Thursday, May 1, 2008

An Uncomfortable Truth, or Wartime Propaganda?

The Paris metro 1940 (photo Andre Zucca)

left :The Swastikas Fly in Paris.(photo Andre Zucca)

A new exhibition, running until the end of July, has created something of a stir in France, and let more than one uncomfortable skeleton out of the cupboard.

The German occupation of France is a period in the county's history that many, particularly the older generation, would rather forget, and this public airing of nearly 300 images of life in Paris under a Nazi regime has divided opinion in the city.

The photographer, Andre Zucca, was employed for propaganda purposes by the Third Reich, of that there is no doubt. He was commissioned to take pictures which showed how well the occupying forces were integrating into Parisian life, and he was certainly an accomplished professional with an eye for a good photo-opportunity. But the photographs that are on show have been obtained from family archives and in fact were never published. So the argument continues...are they posed, or did Paris, and France as a whole, buckle down to life with the enemy and appear to be socialising, shopping and generally behaving as normal while the rest of Europe, and the UK in particular were being rationed and bombed out of their homes?
The answer to this is very complex. In this part of France my neighbours seem reluctant to discuss what they did in the war. In fact I've only heard the war referred to twice. Once, when I offered my 'opposite' neighbour some artichokes (the Jerusalem variety) she shuddered and said - " Mais Non" very vociferously. Apparently they were dished up on a daily basis in the war. The second time was when another neighbour was telling me her aged mother was gravely ill in our village old people's home. "She is praying to die" I was informed gravely. When I muttered "Qu'elle dommage" for something to say she, she shook her head and said, "Oh Maman had such a hard life...a loveless marriage, the War ..." I wasn't too interested in the loveless marriage, I would have liked to have continued the conversation about the war, but somehow the subject was changed and I never got the opportunity again. As for maman, she recovered and three years on is about to celebrate her 98th birthday!
It's incredible that this important (to me) piece of recent history is either hidden under the bed or ignored. After all, the 2nd Panzer Division was stationed at Toulouse, not 70 miles away. And it was the der Fuhrer Regiment of the 2nd Waffen SS Das Reich that were hot-footing (or hot-crawling perhaps) up to Northern France in 1944 to reinforce thier comrades who were trying to repel the Allied Invasion. On the way up they passed Oradour sur Glane, and the rest is history.
The catastrophic fall out from the massacre of the citizens of Oradour has never been fully measured. The French themselves were in denial for many years after the war, mainly because of the ghastly realisation that the troops who actually carried out the massacre, under orders from the Das Reich command were in fact from Alsace. Officially the Alsace was German but before the First World War it had been French. As there was less than a quarter of a century between the two wars the soldiers were mostly, by birth French. The collective guilt was immense.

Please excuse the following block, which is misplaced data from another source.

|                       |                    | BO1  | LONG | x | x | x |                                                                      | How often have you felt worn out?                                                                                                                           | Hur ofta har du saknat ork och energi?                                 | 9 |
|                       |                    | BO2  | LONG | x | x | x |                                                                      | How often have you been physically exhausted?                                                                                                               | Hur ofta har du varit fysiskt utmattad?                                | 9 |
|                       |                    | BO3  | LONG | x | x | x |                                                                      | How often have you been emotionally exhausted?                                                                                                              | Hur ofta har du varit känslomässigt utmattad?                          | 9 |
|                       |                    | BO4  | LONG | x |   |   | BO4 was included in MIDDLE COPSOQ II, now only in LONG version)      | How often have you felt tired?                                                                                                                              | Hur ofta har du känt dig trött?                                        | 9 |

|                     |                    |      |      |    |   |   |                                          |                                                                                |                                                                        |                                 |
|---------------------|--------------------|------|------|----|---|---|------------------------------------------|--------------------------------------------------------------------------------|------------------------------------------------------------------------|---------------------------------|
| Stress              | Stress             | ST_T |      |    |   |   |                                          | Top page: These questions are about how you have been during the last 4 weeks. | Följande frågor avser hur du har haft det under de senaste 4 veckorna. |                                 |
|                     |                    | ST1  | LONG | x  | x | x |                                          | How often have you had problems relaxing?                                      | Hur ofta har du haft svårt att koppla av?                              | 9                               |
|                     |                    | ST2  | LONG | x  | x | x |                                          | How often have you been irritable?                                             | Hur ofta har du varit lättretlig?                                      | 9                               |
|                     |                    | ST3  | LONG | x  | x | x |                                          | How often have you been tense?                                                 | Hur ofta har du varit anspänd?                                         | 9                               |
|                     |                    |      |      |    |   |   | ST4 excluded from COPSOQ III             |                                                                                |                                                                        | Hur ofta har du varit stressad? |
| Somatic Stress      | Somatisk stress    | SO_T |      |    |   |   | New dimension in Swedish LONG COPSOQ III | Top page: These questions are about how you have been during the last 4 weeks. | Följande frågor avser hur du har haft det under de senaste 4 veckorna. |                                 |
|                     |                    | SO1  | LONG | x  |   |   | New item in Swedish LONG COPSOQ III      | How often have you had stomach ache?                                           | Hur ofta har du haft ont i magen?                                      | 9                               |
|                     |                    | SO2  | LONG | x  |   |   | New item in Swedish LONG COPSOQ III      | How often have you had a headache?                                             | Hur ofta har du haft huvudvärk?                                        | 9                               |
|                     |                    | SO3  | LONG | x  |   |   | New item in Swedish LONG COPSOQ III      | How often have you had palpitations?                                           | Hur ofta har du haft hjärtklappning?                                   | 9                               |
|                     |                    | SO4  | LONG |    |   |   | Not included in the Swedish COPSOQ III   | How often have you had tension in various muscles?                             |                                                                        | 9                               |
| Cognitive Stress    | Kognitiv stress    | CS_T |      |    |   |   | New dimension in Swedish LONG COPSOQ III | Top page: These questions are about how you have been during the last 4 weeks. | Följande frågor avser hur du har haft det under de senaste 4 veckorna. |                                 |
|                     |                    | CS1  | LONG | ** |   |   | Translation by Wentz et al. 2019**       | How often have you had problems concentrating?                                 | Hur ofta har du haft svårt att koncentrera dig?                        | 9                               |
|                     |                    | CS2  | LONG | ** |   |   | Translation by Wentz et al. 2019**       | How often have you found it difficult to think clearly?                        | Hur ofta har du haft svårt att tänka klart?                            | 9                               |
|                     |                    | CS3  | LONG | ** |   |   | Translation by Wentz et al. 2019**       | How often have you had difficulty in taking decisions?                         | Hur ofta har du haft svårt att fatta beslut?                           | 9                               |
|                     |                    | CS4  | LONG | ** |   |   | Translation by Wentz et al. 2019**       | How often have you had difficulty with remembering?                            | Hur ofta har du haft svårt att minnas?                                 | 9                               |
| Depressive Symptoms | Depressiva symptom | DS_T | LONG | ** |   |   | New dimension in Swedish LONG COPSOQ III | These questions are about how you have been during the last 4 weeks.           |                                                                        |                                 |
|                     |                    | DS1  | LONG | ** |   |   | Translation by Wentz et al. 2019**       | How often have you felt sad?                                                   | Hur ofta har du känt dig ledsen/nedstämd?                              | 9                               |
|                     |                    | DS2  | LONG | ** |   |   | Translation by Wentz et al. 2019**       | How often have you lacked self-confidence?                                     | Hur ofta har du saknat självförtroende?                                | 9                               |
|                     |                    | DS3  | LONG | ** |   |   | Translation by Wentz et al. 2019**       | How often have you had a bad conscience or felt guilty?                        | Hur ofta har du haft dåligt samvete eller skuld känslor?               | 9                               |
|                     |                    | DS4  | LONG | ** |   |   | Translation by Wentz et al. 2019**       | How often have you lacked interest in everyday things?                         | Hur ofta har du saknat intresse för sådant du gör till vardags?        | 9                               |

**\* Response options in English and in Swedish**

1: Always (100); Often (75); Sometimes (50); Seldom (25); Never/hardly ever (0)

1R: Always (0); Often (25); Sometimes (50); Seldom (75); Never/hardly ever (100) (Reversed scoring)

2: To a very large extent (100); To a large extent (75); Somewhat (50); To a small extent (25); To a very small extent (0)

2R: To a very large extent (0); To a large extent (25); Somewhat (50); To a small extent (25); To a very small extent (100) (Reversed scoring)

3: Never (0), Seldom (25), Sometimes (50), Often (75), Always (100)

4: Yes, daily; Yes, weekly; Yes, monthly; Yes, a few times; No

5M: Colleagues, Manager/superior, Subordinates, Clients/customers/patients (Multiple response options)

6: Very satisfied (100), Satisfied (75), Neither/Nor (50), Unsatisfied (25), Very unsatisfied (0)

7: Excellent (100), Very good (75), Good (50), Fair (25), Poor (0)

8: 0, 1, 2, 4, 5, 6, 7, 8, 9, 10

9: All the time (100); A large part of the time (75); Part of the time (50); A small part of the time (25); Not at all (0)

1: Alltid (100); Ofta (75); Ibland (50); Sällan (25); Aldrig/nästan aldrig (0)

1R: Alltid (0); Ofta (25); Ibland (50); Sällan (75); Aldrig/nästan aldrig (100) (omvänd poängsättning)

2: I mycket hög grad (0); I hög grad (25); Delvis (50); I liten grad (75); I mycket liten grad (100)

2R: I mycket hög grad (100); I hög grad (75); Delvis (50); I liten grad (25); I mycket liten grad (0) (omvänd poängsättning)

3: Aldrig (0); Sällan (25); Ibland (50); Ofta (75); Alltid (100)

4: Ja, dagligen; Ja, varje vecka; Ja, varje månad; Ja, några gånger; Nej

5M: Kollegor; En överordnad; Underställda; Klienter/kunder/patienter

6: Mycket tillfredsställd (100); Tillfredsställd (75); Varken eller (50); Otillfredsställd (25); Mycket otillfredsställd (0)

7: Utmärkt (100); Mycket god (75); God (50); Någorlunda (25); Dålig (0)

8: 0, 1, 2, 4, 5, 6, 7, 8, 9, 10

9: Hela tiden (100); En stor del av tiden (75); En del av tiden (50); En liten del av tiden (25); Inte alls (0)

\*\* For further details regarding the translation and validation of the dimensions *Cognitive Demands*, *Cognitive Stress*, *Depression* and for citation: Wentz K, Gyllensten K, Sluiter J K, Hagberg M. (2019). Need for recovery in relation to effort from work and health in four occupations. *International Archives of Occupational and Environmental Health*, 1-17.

The story of Oradour is steeped in mystery, and contradiction. The site is now a national monument, with the village left exactly as it was when the soldiers withdrew to Limoges and continued their journey north. I have never been there, but we often passed the sign-post to the village on our journeys to and from the UK as it's on the most direct route from the southwest. I don't know if I want to visit it or not. I suppose I ought to, as I refer to this period of history quite a lot in the book I'm still working on so it would help in my writing, but I know it won't be a pleasant experience.
There is an excellent website complied by Michael Williams which I have used extensively for research. Do take a look if you want to know more about the shocking happenings that day in June 1944. For me, his is the most definitive account I have read, and the website is very comprehensive. His gallery of 190 photographs are so compelling I have almost convinced myself it isn't necessary for me to actually go to Oradour in person. Yes, I know that's the coward's way out!

1 comment:

Juf Jo said...

Because today so many people have a misinformed picture of what the war as like, people are shocked when they see something that doesnt fit the hollywood idea of war, or the postwar way we looked at what happened.
The war lasted for years, day after day after day.
Live went on.
You could have made similair photos like andré zucca made in pretty much any country during the war, occupied or not.
Besides, for those who know where to look even these propaganda pictures show the bad side of occupation.
The women look glamorous but look again.
Do they all look like that?
And those amazing high heel shoes... those heels and the soles are made of wood, they are made from poor material.
And there are the Stars of David on the jewish people their clothes, that should tell people something as well.
But yes, life went on.
Today we are at war in the Middleeast, we are under current threat from terrorist attacks, but is our daily life a continuing hell?